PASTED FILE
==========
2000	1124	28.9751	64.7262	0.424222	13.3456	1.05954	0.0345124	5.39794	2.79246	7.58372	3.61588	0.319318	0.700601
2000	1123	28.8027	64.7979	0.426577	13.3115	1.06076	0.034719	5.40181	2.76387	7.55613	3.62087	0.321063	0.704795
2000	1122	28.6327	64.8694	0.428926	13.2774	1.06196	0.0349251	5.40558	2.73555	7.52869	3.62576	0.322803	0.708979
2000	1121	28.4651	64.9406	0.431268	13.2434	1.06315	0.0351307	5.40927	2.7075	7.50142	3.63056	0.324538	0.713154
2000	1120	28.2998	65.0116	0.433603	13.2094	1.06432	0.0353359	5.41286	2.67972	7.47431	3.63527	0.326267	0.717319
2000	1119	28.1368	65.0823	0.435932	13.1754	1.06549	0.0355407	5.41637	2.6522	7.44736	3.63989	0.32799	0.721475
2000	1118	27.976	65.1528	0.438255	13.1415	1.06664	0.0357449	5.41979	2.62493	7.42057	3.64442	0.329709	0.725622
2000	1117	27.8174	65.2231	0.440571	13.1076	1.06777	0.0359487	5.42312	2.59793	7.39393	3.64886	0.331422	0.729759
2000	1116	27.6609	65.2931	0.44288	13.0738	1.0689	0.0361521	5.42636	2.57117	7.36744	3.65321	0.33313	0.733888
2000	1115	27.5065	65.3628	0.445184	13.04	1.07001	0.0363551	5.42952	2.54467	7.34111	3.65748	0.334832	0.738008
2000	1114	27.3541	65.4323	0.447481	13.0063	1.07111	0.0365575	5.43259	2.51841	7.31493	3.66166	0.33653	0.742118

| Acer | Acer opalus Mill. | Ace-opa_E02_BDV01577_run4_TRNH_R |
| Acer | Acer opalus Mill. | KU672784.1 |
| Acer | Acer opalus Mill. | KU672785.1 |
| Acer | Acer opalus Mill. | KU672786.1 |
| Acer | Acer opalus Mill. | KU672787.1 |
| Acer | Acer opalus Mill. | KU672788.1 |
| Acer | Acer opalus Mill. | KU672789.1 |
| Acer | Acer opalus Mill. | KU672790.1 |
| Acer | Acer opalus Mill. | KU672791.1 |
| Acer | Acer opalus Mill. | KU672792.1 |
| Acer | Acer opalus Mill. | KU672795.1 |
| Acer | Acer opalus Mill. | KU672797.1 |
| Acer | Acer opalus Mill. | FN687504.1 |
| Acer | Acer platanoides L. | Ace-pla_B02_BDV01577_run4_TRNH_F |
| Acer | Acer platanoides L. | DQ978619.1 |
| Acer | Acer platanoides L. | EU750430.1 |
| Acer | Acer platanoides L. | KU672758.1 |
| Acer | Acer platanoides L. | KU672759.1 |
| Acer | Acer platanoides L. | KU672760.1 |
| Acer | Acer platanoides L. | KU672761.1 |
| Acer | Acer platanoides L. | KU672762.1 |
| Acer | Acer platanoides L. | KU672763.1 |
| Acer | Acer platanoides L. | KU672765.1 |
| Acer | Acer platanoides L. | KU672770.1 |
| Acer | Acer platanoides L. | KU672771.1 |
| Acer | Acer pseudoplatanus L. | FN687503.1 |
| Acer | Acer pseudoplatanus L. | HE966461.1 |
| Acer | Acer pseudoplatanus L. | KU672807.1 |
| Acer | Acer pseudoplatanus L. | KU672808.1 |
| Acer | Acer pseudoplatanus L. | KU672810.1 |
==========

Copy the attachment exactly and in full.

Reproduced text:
2000	1124	28.9751	64.7262	0.424222	13.3456	1.05954	0.0345124	5.39794	2.79246	7.58372	3.61588	0.319318	0.700601
2000	1123	28.8027	64.7979	0.426577	13.3115	1.06076	0.034719	5.40181	2.76387	7.55613	3.62087	0.321063	0.704795
2000	1122	28.6327	64.8694	0.428926	13.2774	1.06196	0.0349251	5.40558	2.73555	7.52869	3.62576	0.322803	0.708979
2000	1121	28.4651	64.9406	0.431268	13.2434	1.06315	0.0351307	5.40927	2.7075	7.50142	3.63056	0.324538	0.713154
2000	1120	28.2998	65.0116	0.433603	13.2094	1.06432	0.0353359	5.41286	2.67972	7.47431	3.63527	0.326267	0.717319
2000	1119	28.1368	65.0823	0.435932	13.1754	1.06549	0.0355407	5.41637	2.6522	7.44736	3.63989	0.32799	0.721475
2000	1118	27.976	65.1528	0.438255	13.1415	1.06664	0.0357449	5.41979	2.62493	7.42057	3.64442	0.329709	0.725622
2000	1117	27.8174	65.2231	0.440571	13.1076	1.06777	0.0359487	5.42312	2.59793	7.39393	3.64886	0.331422	0.729759
2000	1116	27.6609	65.2931	0.44288	13.0738	1.0689	0.0361521	5.42636	2.57117	7.36744	3.65321	0.33313	0.733888
2000	1115	27.5065	65.3628	0.445184	13.04	1.07001	0.0363551	5.42952	2.54467	7.34111	3.65748	0.334832	0.738008
2000	1114	27.3541	65.4323	0.447481	13.0063	1.07111	0.0365575	5.43259	2.51841	7.31493	3.66166	0.33653	0.742118

| Acer | Acer opalus Mill. | Ace-opa_E02_BDV01577_run4_TRNH_R |
| Acer | Acer opalus Mill. | KU672784.1 |
| Acer | Acer opalus Mill. | KU672785.1 |
| Acer | Acer opalus Mill. | KU672786.1 |
| Acer | Acer opalus Mill. | KU672787.1 |
| Acer | Acer opalus Mill. | KU672788.1 |
| Acer | Acer opalus Mill. | KU672789.1 |
| Acer | Acer opalus Mill. | KU672790.1 |
| Acer | Acer opalus Mill. | KU672791.1 |
| Acer | Acer opalus Mill. | KU672792.1 |
| Acer | Acer opalus Mill. | KU672795.1 |
| Acer | Acer opalus Mill. | KU672797.1 |
| Acer | Acer opalus Mill. | FN687504.1 |
| Acer | Acer platanoides L. | Ace-pla_B02_BDV01577_run4_TRNH_F |
| Acer | Acer platanoides L. | DQ978619.1 |
| Acer | Acer platanoides L. | EU750430.1 |
| Acer | Acer platanoides L. | KU672758.1 |
| Acer | Acer platanoides L. | KU672759.1 |
| Acer | Acer platanoides L. | KU672760.1 |
| Acer | Acer platanoides L. | KU672761.1 |
| Acer | Acer platanoides L. | KU672762.1 |
| Acer | Acer platanoides L. | KU672763.1 |
| Acer | Acer platanoides L. | KU672765.1 |
| Acer | Acer platanoides L. | KU672770.1 |
| Acer | Acer platanoides L. | KU672771.1 |
| Acer | Acer pseudoplatanus L. | FN687503.1 |
| Acer | Acer pseudoplatanus L. | HE966461.1 |
| Acer | Acer pseudoplatanus L. | KU672807.1 |
| Acer | Acer pseudoplatanus L. | KU672808.1 |
| Acer | Acer pseudoplatanus L. | KU672810.1 |